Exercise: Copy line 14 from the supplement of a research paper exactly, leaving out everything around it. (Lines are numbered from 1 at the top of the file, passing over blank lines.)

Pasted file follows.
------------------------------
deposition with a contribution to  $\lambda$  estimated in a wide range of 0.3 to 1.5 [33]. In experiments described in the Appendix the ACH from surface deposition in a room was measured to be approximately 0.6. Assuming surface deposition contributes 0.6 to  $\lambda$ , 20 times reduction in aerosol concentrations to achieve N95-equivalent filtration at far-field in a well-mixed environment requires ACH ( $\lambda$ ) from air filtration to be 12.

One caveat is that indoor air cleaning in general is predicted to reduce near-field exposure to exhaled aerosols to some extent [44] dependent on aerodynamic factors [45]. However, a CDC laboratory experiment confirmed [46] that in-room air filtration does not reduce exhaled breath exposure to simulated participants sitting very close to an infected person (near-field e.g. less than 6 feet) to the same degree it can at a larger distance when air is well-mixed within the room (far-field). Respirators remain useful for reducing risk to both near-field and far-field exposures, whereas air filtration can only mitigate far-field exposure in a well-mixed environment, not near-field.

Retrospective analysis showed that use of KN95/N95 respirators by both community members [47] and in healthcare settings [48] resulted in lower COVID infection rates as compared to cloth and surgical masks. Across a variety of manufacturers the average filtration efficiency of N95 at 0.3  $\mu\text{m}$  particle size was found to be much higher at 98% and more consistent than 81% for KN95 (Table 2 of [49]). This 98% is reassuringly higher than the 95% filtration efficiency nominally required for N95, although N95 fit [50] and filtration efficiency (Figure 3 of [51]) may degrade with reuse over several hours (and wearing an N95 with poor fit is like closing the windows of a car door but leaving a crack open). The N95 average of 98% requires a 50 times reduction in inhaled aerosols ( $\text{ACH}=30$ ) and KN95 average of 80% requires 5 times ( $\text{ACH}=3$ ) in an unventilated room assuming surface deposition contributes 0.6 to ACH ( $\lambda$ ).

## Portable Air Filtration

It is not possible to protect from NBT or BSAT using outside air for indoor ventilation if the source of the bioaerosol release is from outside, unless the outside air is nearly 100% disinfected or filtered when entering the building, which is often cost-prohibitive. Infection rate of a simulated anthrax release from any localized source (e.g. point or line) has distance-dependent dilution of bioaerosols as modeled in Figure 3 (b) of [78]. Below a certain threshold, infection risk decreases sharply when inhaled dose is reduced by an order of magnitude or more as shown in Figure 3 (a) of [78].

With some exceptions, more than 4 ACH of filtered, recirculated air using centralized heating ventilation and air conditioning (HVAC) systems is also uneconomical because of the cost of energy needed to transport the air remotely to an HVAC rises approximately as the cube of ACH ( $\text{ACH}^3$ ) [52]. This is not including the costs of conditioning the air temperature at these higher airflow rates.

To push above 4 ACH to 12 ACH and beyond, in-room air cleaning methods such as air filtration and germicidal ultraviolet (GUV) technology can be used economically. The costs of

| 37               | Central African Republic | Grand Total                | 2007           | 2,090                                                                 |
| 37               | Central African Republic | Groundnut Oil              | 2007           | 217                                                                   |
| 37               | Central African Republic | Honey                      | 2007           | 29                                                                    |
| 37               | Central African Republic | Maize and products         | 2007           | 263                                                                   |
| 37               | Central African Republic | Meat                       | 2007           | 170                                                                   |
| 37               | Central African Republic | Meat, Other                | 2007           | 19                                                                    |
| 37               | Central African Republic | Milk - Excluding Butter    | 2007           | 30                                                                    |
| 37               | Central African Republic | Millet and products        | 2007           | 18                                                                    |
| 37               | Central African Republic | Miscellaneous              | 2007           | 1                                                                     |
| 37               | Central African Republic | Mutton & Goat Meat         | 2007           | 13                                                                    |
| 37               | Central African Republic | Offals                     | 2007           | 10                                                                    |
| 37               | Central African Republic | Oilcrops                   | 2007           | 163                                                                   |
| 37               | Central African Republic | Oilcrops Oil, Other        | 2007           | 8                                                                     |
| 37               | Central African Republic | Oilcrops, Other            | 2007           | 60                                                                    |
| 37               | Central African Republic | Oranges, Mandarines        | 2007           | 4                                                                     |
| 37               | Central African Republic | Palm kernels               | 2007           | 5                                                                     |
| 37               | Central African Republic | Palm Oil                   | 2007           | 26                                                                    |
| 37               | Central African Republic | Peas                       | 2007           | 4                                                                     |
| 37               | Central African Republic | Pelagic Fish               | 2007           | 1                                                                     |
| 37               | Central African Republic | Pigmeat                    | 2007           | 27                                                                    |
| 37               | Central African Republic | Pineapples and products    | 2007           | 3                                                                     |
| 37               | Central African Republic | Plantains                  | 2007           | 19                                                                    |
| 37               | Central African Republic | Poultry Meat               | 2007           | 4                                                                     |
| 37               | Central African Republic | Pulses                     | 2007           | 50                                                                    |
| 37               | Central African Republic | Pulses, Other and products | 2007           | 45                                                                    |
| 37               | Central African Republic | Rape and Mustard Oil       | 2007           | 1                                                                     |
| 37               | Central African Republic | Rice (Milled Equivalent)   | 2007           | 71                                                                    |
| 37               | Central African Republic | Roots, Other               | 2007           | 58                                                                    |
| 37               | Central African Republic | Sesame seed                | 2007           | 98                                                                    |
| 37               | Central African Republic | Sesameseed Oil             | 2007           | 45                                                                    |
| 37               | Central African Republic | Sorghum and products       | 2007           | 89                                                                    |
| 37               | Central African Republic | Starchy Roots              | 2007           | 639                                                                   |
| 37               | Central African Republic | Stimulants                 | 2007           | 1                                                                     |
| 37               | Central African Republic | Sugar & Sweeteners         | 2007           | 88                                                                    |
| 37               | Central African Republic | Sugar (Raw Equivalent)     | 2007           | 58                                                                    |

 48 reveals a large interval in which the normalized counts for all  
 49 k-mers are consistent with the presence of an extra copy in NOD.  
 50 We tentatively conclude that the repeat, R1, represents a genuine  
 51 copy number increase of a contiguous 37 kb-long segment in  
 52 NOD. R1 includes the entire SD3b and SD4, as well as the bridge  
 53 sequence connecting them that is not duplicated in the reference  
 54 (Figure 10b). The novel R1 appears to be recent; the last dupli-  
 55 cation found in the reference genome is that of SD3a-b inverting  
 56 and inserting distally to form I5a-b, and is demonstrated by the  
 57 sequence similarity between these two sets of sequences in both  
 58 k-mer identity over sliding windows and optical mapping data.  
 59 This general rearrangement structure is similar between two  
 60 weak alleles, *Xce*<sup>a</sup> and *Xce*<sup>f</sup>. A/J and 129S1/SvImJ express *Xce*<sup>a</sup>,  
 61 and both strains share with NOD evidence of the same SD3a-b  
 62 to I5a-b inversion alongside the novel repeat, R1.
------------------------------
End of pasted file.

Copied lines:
| 37               | Central African Republic | Milk - Excluding Butter    | 2007           | 30                                                                    |